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USDA Identifies Mysterious Chinese Seeds Sent to Americans Who Didn't Buy Them

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The U.S. Department of Agriculture Animal and Plant Health Inspection Service has identified 14 types of plants from unsolicited seed packages homeowners received from China.

“Based on our preliminary analysis of the seed samples we’ve already collected, the seed packets appear to be a mix of ornamental, fruit and vegetable, herb, and weed species,” a Frequently Asked Questions document from APHIS read.

Some of the identified plant species include cabbage, hibiscus, lavender, mint, morning glory, mustard, rose, rosemary and sage, according to Osama El-Lissy, deputy administrator for the plant protection program.

“This is just a subset of the samples we’ve collected so far,” El-Lissy said.

All 50 states have issued warnings about the unsolicited packages since they were first reported last month, The New York Times reported.

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“What we have seen is, they arrive in undisclosed packaging sometimes labeled as jewelry or electronic components,” Katey Laney of the New Mexico Department of Agriculture said, according to KRQE-TV.

At this time, APHIS believes this is just an internet “brushing scam” where sellers send unsolicited items to consumers and then post fake reviews to increase sales.

Would you open an unsolicited package from China?

“This is an evolving situation, and we are working closely with Federal authorities to ensure we are evaluating every possibility,” the FAQ document reads.

Art Gover, a plant science researcher at Penn State University, warned against planting the seeds because they could introduce problematic weeds and diseases, according to The Times.

Unidentified seeds could also turn out to be invasive species and harm the environment, Bernd Blossey, a professor in the department of natural resources at Cornell University in Ithaca, New York, said.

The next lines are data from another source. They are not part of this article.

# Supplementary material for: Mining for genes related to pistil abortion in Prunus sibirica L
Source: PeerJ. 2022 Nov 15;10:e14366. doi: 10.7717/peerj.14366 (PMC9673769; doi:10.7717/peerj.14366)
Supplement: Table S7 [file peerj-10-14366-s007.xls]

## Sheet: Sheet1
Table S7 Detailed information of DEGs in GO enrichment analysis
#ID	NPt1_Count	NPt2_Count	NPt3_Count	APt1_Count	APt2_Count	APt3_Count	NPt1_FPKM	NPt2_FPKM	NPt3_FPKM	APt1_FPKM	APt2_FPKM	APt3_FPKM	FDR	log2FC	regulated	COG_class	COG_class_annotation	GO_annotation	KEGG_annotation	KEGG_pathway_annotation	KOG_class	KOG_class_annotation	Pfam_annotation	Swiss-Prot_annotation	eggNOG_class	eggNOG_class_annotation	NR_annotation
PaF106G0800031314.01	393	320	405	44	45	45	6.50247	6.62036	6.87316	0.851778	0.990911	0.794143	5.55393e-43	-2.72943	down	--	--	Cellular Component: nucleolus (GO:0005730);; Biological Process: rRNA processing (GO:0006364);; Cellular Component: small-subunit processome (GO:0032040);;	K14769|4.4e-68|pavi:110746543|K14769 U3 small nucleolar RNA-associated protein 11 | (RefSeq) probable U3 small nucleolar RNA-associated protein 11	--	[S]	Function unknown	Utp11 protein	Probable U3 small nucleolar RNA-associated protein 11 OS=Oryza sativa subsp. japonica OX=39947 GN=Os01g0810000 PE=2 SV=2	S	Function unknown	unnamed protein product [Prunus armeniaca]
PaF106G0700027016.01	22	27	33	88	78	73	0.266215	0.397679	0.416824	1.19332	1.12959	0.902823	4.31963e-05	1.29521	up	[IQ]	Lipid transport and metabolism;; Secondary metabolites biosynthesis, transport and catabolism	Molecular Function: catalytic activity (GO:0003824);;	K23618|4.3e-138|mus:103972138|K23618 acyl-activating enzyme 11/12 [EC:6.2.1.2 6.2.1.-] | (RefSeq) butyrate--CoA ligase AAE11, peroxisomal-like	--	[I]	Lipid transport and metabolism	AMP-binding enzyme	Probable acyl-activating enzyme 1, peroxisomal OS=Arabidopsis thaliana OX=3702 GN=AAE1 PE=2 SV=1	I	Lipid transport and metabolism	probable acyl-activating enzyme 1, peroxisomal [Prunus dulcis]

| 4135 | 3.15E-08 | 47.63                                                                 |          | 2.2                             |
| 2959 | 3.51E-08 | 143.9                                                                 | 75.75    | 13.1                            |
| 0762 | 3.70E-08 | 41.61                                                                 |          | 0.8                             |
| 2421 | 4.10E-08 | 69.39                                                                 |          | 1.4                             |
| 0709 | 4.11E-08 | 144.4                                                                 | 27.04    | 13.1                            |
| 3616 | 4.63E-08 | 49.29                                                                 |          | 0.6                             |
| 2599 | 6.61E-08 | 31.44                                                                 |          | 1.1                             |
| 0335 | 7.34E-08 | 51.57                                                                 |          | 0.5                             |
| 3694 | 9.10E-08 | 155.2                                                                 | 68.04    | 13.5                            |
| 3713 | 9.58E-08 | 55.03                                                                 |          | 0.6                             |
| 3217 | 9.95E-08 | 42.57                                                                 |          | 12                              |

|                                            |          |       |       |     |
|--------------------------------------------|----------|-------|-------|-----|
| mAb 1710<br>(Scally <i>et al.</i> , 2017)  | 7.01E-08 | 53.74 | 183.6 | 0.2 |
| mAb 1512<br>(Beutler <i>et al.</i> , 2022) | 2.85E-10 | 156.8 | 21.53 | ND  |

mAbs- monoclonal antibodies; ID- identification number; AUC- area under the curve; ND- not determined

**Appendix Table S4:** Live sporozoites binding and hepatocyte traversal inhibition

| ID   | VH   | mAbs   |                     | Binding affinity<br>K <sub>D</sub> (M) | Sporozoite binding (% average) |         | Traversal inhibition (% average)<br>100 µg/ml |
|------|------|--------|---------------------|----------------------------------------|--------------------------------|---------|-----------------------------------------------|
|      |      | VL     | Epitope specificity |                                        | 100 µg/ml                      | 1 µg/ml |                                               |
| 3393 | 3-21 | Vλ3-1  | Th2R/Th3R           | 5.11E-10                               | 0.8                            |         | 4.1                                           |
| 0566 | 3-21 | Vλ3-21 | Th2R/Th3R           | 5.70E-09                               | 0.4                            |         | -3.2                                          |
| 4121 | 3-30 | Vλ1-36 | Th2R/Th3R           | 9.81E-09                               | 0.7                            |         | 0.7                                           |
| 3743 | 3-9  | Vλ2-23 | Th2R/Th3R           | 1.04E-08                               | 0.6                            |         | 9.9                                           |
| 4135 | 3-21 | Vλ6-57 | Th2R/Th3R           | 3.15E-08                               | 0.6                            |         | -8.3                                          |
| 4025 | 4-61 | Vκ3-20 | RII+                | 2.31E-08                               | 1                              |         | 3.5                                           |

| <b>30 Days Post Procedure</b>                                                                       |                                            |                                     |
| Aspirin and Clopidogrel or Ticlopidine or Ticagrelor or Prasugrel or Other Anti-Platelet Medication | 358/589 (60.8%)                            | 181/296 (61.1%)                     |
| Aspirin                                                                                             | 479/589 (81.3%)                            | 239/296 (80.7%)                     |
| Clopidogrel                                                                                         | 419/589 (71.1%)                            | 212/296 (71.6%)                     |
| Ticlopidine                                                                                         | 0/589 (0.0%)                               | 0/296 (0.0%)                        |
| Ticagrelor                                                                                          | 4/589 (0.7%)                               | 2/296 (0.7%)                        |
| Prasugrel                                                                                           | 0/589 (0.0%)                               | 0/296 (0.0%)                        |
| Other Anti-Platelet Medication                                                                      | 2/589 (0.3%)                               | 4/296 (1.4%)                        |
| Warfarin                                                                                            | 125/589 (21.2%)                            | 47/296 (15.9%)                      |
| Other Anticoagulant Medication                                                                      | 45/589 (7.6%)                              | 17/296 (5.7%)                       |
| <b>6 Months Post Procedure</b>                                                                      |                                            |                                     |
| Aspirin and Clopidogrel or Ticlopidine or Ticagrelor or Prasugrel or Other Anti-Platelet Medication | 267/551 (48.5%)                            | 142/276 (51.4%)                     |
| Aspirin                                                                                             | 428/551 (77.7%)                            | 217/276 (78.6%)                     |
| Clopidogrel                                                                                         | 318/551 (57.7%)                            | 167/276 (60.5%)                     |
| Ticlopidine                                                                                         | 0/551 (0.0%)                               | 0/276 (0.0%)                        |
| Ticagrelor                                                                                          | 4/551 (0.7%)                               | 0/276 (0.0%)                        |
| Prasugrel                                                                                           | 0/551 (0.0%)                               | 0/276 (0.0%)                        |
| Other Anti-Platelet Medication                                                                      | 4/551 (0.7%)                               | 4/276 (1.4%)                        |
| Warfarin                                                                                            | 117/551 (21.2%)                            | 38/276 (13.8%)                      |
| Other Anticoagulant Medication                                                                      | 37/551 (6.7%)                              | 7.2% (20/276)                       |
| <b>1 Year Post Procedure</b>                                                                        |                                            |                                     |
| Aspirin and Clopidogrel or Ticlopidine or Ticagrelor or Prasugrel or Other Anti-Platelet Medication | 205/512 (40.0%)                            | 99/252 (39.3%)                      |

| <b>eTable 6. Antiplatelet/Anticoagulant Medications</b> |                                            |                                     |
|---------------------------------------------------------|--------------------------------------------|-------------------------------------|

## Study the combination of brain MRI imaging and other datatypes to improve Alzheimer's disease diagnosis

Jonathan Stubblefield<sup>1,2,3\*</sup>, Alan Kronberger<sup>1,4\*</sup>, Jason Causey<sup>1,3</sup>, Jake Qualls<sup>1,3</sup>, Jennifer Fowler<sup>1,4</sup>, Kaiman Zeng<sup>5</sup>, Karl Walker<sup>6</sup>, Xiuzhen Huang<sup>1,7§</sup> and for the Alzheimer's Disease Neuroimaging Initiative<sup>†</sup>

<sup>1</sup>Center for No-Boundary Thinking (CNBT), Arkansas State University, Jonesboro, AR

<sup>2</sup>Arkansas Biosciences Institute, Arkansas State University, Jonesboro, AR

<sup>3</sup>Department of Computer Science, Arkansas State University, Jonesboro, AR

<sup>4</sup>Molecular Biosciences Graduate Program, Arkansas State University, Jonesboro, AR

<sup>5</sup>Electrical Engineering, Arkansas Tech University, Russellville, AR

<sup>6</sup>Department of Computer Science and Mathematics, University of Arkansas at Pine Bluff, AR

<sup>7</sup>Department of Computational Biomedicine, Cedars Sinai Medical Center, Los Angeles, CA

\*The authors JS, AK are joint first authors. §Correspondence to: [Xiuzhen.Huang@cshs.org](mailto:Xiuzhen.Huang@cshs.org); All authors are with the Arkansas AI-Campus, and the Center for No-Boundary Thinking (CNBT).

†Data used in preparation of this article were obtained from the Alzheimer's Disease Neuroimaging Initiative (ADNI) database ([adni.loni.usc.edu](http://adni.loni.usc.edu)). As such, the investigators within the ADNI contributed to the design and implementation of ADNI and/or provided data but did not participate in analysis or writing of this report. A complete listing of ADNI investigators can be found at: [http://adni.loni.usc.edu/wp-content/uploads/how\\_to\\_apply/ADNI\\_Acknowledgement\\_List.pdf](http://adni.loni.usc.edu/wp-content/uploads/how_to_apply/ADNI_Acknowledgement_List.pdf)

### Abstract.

“Obviously planting rosemary or thyme in your garden isn’t something that will endanger our environment, but there may be other things in there that have not been identified yet,” he said.

“Any time you gain something unknown, my suggestion is burning them, not even throwing them in the trash.”

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Blossey added that “there may be more to the story.”

The USDA is still encouraging anyone who receives an unsolicited package of seeds to contact his or her state regulatory official or APHIS state plant health director.

“It is important that we collect and test as many seeds as possible to determine whether these packets present a threat to U.S. agriculture or the environment,” the FAQ document reads.

Canada, Australia and European Union member nations have also reported the receipt of unsolicited seed packages.

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Erin Coates was an editor for The Western Journal for over two years before becoming a news writer. A University of Oregon graduate, Erin has conducted research in data journalism and contributed to various publications as a writer and editor.
Erin Coates was an editor for The Western Journal for over two years before becoming a news writer. She grew up in San Diego, California, proceeding to attend the University of Oregon and graduate with honors holding a degree in journalism. During her time in Oregon, Erin was an associate editor for Ethos Magazine and a freelance writer for Eugene Magazine. She has conducted research in data journalism, which has been published in the book “Data Journalism: Past, Present and Future.” Erin is an avid runner with a heart for encouraging young girls and has served as a coach for the organization Girls on the Run. As a writer and editor, Erin strives to promote social dialogue and tell the story of those around her.
Birthplace
Tucson, Arizona
Nationality
American
Honors/Awards
Graduated with Honors
Education
Bachelor of Arts in Journalism, University of Oregon
Books Written
Contributor for Data Journalism: Past, Present and Future
Location
Prescott, Arizona
Languages Spoken
English, French
Topics of Expertise
Politics, Health, Entertainment, Faith




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